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A polished grifter and his crew have to pull off the con of a lifetime in order to save their necks from a ruthless crime boss--and stay one step ahead of the cops.


Confidence is Jake Vig's (Edward Burns) modus operandi. He exudes it in everything he does and it's why he is one of the best con men on the street, a grifter who specializes in setting up the long con to reap the most rewards. His crew trusts him explicitly, including inside man Gordo (Paul Giamatti) and shills Miles (Brian Van Holt) and Big Al (Louis Lombardi). Yet, when the gang inadvertently ends up bilking thousands of dollars from a mark who is an accountant for a crime boss known as The King (Dustin Hoffman), life gets decidedly sticky. To make matters worse, Jake is also being tracked by a cop, Gunther Butan (Andy Garcia), who is hell bent on catching his man. Therefore, in order to shake off the eccentric--and dangerous--King, while also eluding Butan, Jake agrees to pull off the biggest con of his career. Along with newcomer Lily (Rachel Weisz), a beautiful pickpocket Jake decides to let in on the action, the crew targets a banker with mob ties and comes up with a complex scheme involving corporate loans, wire-transfers, offshore accounts and custom issues. Of course, things don't go exactly to plan and you are never quite sure who is swindling whom until the bitter end.


There certainly isn't a lack of confidence among the players in the film. Burns seems born to play Jake, the grifter with the smooth double talk, the good looks and the quick smarts. In fact, it must not have been a stretch for him at all, which, in this case, works to his advantage. Among Jake's colleagues, Giamatti (Duets) stands out as Gordo, whose had a long career of playing sweaty, nervous guys who always seem to be on the verge of blowing the whole deal. The British Weisz (The Mummy) nails the tough Lily and keeps you guessing on whether she's the real McCoy or just another femme fatale, while Garcia has a dandy time toying with us as Butan. Does he really want Jake to be caught or maybe just a piece of the pie? Hoffman, however, once again plays his character way too over the top. He has a few bright moments as the wacky King, especially when he's first introduced, looking like an aged version of a surfer dude. But he eventually comes off more clownish than menacing. He and Al Pacino should just go and duke it out for the title of best over-actor.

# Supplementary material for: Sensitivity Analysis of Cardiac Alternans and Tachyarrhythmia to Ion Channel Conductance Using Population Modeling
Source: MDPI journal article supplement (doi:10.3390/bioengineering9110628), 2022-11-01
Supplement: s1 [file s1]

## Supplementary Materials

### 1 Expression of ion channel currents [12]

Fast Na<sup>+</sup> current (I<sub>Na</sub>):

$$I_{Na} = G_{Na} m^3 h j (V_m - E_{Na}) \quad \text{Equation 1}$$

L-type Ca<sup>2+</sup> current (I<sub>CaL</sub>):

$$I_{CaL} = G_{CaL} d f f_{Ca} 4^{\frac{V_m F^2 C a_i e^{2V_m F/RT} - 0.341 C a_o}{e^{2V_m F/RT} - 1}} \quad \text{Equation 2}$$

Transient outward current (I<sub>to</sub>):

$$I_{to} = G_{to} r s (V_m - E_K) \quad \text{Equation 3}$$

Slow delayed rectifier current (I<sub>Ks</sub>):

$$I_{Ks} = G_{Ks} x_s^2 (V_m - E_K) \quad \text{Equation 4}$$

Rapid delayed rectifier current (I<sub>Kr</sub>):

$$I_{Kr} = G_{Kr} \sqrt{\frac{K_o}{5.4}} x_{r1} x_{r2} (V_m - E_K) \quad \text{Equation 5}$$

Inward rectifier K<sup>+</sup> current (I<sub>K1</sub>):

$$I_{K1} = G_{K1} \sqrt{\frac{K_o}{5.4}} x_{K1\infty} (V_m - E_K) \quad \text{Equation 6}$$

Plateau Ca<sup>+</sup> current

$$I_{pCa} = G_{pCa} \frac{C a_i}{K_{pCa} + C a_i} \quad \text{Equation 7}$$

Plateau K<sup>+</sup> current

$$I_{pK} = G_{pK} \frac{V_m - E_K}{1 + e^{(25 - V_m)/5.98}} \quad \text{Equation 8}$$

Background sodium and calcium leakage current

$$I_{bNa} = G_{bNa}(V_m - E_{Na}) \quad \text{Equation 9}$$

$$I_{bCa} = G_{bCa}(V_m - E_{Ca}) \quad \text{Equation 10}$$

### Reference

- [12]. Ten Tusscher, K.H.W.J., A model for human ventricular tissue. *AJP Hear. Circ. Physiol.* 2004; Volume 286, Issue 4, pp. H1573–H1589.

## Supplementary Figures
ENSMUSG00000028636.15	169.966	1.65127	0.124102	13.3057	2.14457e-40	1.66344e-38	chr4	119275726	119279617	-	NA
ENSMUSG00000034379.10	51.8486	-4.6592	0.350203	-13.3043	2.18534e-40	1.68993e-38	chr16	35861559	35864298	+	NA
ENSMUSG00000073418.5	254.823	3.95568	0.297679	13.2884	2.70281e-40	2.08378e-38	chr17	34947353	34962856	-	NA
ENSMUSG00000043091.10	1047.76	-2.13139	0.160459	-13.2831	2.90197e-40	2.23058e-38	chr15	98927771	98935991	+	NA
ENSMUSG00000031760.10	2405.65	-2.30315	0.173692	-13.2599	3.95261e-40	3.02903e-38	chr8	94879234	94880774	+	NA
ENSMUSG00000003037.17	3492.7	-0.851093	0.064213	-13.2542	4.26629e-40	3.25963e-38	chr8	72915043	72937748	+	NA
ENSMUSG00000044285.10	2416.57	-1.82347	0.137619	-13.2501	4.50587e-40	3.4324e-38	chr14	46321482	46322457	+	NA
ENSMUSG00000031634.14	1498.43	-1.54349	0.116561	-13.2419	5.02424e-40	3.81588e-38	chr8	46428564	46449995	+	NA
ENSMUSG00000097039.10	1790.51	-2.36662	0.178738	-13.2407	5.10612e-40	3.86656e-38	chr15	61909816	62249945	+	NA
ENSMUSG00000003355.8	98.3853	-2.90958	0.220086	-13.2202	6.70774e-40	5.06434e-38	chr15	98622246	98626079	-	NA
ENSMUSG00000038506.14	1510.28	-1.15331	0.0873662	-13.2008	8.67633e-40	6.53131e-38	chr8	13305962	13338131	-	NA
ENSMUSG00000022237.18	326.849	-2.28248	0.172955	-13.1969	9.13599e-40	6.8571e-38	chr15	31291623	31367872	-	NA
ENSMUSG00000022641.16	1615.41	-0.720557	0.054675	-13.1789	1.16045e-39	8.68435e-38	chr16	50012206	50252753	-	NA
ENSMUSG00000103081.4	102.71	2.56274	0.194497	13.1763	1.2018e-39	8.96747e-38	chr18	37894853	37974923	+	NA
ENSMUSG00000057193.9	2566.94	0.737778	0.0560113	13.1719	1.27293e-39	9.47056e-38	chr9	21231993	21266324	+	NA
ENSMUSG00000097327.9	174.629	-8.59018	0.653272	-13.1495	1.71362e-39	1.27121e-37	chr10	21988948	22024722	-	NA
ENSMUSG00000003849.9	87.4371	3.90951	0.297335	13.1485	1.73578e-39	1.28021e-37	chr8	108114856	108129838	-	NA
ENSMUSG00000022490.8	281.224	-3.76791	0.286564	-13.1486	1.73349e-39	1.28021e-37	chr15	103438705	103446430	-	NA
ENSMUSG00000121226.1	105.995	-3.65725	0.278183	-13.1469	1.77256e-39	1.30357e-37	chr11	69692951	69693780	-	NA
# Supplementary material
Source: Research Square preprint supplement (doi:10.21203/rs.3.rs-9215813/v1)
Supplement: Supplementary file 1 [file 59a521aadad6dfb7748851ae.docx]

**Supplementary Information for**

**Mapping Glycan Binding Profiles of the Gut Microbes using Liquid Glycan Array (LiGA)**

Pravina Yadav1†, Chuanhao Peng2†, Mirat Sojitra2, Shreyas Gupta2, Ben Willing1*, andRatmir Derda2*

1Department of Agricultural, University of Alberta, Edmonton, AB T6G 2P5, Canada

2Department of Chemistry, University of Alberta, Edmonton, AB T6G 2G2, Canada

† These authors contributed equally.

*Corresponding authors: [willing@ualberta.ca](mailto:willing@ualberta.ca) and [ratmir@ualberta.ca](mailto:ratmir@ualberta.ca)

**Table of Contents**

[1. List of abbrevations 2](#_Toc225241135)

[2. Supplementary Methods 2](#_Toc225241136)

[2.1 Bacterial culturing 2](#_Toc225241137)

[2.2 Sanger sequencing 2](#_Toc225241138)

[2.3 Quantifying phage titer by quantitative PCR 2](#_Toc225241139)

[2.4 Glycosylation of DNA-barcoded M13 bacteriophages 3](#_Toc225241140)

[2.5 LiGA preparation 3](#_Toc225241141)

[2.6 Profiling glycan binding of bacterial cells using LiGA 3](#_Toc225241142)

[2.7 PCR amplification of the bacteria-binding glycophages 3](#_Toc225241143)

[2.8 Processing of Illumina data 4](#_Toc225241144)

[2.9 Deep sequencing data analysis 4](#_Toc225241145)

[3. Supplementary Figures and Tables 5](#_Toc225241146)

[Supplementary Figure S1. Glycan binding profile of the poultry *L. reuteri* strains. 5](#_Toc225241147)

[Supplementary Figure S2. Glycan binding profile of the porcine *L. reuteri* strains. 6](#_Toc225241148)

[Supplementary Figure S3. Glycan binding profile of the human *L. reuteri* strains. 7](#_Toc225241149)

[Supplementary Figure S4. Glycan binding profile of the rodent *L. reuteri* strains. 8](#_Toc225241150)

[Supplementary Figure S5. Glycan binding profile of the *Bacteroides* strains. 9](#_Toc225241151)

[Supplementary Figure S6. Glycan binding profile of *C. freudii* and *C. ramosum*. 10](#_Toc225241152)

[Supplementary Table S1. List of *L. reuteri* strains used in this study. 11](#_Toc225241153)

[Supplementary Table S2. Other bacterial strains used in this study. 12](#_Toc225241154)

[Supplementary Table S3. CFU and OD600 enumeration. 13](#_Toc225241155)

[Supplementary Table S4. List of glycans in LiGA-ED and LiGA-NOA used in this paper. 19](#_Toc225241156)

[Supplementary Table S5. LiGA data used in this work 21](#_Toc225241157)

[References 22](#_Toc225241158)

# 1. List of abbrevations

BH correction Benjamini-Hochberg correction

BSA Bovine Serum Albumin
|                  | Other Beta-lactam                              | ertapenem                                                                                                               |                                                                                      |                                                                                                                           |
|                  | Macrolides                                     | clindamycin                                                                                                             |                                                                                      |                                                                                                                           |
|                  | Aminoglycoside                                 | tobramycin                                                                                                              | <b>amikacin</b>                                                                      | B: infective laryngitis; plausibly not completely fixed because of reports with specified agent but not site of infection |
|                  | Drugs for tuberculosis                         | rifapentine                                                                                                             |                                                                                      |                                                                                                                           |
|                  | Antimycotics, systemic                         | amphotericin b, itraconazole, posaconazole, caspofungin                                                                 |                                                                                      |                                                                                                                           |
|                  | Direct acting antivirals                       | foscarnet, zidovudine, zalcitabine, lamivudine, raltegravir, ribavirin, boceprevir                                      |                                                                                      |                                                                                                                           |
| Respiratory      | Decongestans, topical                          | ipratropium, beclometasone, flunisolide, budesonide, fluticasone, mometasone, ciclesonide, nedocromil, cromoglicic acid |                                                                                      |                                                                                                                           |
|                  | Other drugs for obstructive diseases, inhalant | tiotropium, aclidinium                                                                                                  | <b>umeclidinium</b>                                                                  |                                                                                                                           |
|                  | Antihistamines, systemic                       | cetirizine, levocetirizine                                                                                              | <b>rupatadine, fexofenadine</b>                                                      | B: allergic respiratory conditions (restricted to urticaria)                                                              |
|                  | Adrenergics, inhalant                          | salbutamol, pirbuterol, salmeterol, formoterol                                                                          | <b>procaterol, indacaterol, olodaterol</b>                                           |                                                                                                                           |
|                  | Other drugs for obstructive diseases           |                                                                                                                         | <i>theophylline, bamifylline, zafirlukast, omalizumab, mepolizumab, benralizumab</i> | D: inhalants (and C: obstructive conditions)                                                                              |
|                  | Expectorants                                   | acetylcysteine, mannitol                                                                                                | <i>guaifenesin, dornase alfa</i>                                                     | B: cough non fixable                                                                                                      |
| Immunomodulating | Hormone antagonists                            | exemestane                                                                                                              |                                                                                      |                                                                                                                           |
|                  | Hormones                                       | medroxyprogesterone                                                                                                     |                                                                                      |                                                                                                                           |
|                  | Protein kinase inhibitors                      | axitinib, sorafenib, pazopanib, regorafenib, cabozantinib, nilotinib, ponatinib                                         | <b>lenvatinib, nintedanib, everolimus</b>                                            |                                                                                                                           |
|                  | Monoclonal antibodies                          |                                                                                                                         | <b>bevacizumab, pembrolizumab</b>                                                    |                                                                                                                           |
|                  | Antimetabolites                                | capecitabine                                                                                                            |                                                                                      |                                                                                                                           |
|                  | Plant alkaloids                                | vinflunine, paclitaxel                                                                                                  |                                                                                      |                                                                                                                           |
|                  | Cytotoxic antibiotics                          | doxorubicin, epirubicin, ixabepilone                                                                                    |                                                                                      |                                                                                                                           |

Movies about con artists have always been fascinating. Some of the best include David Mamet's slick House of Games and The Spanish Prisoner and Stephen Frears' gut-wrenching The Grifters, which really shows the nasty underbelly of the business. You like them because you either end up rooting for criminals who have to rely on their wits and charm to do their so-called bad deeds, or you want the guy being conned to get wind of it and turn the tables on the con men. In that way, Confidence does its job well. Known for turning a fast-talking, convoluted script into a compelling movie, as he did with Mamet's Glengarry Glen Ross, director James Foley keeps the action moving in Confidence. This time, however, Foley isn't working with a nearly flawless Mamet script. Mamet inherently understands this is a thinking man's genre, where the fun comes from trying to figure out where the twist will come, how the pieces of the puzzle will fall together. Screenwriter Doug Jung, who is relatively new in the biz, hasn't exactly mastered this Mamet technique. Confidence seems almost too twisty at times, with too many double-crosses and too many second guesses. Yet, when it all comes together, you walk away feeling satisfied.

Bottom Line

Led by a confident cast, Confidence gives yet another entertaining view of the wonderful world of con artists.